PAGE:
Athlon Value System
Athlon XP 1600+ (1.4G) CPU
ATX Mid Tower Case w/300W Power Supply AMD Approved
Lite On 16X DVD-ROM
Cooler Master Socket A Heatsink and Fan
Teac 1.44 Floppy Drive
Western Digital 40G 7200RPM ATA/100 Hard Drive
Keytronic PS/2 Keyboard
Biostar M7VIB Mainboard w/Integrated 16bit Audio
256MB PC2100 DDR
Microsoft Optical Wheel Mouse
TRENDnet 10/100 Network Card
Microsoft Windows XP Home Edition
Chaintech GeForce2 MX 400 64MB AGP Video Card w/TV Out
1 Year Parts and Labor Warranty

Subtotal $664.00 Tax $46.48 Total $710.48
If you're thinking about getting a computer, wait a week or so. Now that I've actually ordered one prices should drop dramatically.

I'm just glad to be finally getting away from the broken down box we have at home right now - see previous rant - 4/25/2002.

13 May 2002

I'm baa-aaack.
My %$@% free web host was down for the past two weeks. I finally just created a new account. Hopefully, it'll continue to work for a while.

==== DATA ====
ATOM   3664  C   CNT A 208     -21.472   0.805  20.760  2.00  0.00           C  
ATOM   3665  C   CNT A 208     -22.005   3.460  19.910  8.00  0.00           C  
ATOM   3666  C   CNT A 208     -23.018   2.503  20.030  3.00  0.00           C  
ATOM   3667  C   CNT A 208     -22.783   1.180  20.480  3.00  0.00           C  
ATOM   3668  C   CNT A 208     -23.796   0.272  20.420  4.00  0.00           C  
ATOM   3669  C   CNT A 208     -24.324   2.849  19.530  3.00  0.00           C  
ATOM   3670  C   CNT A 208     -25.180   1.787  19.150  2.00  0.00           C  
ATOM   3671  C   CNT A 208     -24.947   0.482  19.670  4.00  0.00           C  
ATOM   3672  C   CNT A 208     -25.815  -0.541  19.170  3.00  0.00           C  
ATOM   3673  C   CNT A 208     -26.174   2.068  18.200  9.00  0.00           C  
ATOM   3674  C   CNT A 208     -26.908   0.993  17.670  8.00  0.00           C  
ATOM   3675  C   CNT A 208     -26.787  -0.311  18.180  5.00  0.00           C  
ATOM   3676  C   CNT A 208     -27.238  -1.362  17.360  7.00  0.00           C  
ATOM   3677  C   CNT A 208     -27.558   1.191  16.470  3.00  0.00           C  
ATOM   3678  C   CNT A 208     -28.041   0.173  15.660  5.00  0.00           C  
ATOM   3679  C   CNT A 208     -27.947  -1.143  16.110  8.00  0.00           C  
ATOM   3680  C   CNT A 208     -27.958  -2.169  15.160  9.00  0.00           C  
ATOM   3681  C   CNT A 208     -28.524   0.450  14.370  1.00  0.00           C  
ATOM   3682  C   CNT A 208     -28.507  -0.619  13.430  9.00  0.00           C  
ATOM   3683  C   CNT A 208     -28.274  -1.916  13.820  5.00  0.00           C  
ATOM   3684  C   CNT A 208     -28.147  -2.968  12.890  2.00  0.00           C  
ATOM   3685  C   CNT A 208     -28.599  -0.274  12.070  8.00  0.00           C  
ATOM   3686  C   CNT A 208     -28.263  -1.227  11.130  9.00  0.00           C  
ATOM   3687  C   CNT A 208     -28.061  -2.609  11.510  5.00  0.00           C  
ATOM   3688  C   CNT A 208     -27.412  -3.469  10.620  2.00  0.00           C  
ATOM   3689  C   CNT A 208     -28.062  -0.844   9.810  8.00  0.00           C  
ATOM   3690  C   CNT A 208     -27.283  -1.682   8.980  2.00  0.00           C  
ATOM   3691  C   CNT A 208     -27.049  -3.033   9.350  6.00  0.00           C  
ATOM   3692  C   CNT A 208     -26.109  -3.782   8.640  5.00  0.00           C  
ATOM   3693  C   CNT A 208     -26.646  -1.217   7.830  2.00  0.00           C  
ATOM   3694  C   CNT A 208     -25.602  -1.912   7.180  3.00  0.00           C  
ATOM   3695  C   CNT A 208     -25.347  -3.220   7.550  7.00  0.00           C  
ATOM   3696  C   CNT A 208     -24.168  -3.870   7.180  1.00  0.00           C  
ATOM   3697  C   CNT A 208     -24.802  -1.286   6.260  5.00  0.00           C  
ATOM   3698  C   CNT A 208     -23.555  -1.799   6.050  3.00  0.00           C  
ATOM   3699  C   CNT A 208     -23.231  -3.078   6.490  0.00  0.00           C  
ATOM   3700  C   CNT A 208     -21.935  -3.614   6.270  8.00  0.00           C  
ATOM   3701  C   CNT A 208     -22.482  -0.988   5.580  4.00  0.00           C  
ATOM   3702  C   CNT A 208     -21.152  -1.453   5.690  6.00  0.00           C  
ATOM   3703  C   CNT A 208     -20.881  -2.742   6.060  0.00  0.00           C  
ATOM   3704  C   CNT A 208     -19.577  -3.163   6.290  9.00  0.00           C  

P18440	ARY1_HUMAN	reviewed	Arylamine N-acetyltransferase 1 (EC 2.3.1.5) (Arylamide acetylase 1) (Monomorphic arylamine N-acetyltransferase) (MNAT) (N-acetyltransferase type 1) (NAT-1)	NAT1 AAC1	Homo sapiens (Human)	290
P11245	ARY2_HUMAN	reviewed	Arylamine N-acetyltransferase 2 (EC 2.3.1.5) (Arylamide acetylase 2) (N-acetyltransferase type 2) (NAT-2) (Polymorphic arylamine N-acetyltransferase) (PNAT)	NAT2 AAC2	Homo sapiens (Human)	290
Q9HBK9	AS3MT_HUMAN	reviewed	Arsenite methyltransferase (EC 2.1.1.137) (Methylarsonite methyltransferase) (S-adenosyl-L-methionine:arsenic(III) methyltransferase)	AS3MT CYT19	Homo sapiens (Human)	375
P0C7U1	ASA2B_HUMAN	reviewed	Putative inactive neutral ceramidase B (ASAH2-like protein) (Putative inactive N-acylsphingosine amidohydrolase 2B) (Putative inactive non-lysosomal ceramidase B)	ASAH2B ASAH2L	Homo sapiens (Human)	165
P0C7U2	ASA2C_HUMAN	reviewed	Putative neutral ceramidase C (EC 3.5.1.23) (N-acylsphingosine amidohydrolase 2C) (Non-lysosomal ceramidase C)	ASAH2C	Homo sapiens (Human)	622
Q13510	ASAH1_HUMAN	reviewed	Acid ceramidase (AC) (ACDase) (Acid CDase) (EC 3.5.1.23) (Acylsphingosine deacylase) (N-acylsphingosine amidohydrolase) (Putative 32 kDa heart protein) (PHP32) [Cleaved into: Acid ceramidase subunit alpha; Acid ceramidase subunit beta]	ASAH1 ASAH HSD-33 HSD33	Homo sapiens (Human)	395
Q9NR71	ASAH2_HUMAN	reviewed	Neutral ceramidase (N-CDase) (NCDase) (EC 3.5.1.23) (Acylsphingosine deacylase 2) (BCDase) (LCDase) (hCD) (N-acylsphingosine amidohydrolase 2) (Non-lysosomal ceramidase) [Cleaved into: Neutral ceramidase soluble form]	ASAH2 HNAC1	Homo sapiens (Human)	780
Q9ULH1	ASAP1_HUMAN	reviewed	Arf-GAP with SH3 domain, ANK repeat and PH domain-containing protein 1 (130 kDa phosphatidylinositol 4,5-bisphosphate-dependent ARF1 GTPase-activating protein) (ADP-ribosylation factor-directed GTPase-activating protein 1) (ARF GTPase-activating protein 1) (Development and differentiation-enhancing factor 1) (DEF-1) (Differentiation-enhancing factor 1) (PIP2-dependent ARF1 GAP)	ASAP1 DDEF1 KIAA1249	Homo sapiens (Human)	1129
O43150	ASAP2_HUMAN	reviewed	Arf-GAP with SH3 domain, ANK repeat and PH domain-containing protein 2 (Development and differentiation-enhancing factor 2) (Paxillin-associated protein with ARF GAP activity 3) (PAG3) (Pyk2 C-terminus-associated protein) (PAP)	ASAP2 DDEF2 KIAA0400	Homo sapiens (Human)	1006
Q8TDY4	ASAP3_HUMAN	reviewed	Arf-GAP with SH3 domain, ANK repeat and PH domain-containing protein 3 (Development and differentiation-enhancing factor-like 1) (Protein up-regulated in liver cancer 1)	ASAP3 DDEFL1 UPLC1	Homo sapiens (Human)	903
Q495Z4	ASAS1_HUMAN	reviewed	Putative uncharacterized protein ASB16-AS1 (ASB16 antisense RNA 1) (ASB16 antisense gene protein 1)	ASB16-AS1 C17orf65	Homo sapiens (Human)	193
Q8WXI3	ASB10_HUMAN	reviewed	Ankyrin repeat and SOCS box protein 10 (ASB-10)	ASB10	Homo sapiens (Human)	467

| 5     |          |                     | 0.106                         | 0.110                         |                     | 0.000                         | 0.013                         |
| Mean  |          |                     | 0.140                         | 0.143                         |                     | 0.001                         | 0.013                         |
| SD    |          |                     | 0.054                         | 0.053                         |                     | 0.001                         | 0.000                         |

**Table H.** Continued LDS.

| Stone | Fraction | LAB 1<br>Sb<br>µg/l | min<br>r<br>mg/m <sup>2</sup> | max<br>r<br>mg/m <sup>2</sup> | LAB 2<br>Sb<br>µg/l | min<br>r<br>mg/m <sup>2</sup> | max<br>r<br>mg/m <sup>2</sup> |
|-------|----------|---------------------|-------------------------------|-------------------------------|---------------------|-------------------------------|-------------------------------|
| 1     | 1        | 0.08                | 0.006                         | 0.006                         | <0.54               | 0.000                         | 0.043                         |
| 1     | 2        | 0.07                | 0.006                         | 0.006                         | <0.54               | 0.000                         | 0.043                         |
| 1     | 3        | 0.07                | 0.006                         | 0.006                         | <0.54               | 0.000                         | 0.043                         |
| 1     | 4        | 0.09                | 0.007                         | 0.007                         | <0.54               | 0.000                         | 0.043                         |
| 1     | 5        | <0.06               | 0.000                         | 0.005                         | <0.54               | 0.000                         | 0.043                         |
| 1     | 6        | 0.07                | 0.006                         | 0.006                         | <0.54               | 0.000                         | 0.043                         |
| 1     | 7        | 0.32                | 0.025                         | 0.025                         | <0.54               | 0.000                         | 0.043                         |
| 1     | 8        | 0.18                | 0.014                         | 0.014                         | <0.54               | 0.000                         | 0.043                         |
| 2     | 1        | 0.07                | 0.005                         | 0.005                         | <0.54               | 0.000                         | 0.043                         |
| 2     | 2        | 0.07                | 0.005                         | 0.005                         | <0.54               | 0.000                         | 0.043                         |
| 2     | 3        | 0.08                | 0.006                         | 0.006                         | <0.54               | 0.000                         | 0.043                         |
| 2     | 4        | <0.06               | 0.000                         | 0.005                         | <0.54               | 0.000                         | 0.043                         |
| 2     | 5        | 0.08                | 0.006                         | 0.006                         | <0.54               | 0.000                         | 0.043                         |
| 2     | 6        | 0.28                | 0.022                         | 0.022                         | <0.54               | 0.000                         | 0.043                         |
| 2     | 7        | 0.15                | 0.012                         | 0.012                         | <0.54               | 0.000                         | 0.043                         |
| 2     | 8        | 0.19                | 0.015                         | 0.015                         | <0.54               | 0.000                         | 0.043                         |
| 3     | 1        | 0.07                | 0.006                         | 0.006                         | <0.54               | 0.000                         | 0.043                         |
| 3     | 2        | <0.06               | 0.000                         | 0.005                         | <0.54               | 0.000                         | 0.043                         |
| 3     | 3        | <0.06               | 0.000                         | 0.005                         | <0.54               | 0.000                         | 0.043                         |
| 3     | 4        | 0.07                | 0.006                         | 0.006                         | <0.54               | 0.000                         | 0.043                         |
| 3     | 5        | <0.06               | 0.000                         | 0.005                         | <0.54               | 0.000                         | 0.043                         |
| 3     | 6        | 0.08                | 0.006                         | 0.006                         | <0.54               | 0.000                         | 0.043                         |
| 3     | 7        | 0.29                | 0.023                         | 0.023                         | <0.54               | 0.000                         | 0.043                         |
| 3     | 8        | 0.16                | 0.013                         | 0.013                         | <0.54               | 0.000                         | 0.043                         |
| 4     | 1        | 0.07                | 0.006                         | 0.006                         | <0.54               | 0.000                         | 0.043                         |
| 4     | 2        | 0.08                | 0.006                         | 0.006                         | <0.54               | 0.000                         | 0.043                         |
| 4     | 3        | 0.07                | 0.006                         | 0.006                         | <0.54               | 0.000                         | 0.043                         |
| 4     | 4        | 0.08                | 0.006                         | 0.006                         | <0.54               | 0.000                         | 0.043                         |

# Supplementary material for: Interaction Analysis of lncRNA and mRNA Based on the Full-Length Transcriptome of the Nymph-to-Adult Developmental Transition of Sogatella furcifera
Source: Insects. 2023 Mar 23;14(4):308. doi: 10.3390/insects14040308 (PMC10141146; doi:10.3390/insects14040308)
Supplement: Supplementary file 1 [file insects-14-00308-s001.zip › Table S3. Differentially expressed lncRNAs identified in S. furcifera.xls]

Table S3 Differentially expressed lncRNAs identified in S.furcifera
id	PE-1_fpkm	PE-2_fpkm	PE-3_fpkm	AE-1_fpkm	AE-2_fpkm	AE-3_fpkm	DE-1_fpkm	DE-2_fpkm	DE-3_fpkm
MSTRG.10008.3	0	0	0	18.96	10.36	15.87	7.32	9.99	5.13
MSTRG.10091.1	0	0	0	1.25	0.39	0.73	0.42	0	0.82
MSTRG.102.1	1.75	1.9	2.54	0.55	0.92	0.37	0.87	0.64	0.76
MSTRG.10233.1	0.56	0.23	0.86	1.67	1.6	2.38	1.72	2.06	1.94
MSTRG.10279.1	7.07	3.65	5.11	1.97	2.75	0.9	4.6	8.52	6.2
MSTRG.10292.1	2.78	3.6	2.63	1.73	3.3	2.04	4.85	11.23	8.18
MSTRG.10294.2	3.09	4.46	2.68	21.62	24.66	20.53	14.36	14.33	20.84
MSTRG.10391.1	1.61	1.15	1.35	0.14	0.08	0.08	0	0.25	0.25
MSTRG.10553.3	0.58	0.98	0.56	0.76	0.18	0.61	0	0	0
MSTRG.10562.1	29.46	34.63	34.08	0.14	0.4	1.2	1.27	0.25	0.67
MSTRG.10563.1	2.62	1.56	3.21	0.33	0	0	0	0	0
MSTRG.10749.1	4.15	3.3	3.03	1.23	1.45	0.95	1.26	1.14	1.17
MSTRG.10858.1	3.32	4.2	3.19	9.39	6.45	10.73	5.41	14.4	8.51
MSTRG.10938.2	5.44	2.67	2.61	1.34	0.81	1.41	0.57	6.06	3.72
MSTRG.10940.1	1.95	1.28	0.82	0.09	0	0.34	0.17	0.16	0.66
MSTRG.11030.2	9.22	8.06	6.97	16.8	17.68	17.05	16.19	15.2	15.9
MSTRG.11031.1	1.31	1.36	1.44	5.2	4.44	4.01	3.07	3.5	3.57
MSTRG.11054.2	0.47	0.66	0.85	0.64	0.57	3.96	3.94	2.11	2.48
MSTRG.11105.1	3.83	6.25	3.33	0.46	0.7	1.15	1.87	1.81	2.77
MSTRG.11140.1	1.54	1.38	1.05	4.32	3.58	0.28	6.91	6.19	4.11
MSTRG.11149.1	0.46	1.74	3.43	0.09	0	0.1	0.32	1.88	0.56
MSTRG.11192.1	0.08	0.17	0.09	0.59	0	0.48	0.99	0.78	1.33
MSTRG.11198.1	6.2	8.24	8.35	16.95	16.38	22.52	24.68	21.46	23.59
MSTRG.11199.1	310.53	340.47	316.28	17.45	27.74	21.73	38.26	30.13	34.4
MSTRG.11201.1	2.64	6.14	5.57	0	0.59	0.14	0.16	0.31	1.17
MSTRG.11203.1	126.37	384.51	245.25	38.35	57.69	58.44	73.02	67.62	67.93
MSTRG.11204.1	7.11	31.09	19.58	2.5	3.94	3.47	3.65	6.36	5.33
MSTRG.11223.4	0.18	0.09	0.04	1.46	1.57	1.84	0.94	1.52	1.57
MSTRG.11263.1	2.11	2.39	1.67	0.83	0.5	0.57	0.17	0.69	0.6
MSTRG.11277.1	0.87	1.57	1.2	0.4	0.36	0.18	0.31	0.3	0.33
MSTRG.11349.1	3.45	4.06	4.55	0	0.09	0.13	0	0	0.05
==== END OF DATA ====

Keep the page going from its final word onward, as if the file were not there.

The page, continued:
30 April 2002

More on Bogie
Bogie's our Miniature Schnauzer. He's about 11, I think, (That's 77 for you and me) and not long for this world. He's been acting like a little old man dog for the past year or two, but he's gotten worse in the last couple of months.

The first sign we had was when he started puking on a regular basis. We thought maybe he had some sort of stomach tumor or some degenerative condition. Gerri and I debated whether or not to have him treated or just put to sleep. I kept saying that if he had something treatable - within reason - then we should do it. Eventually she agreed and took him in to the vet. $400 later we found out that his esophagus had basically lost all muscle tone and stretched to several times it's normal size. The reason he was 'regurgitating' (as the vet put it) was that the food wasn't getting to his stomach - it was literally stuck in his throat. He was down to 7 lbs. and was essentially starving to death.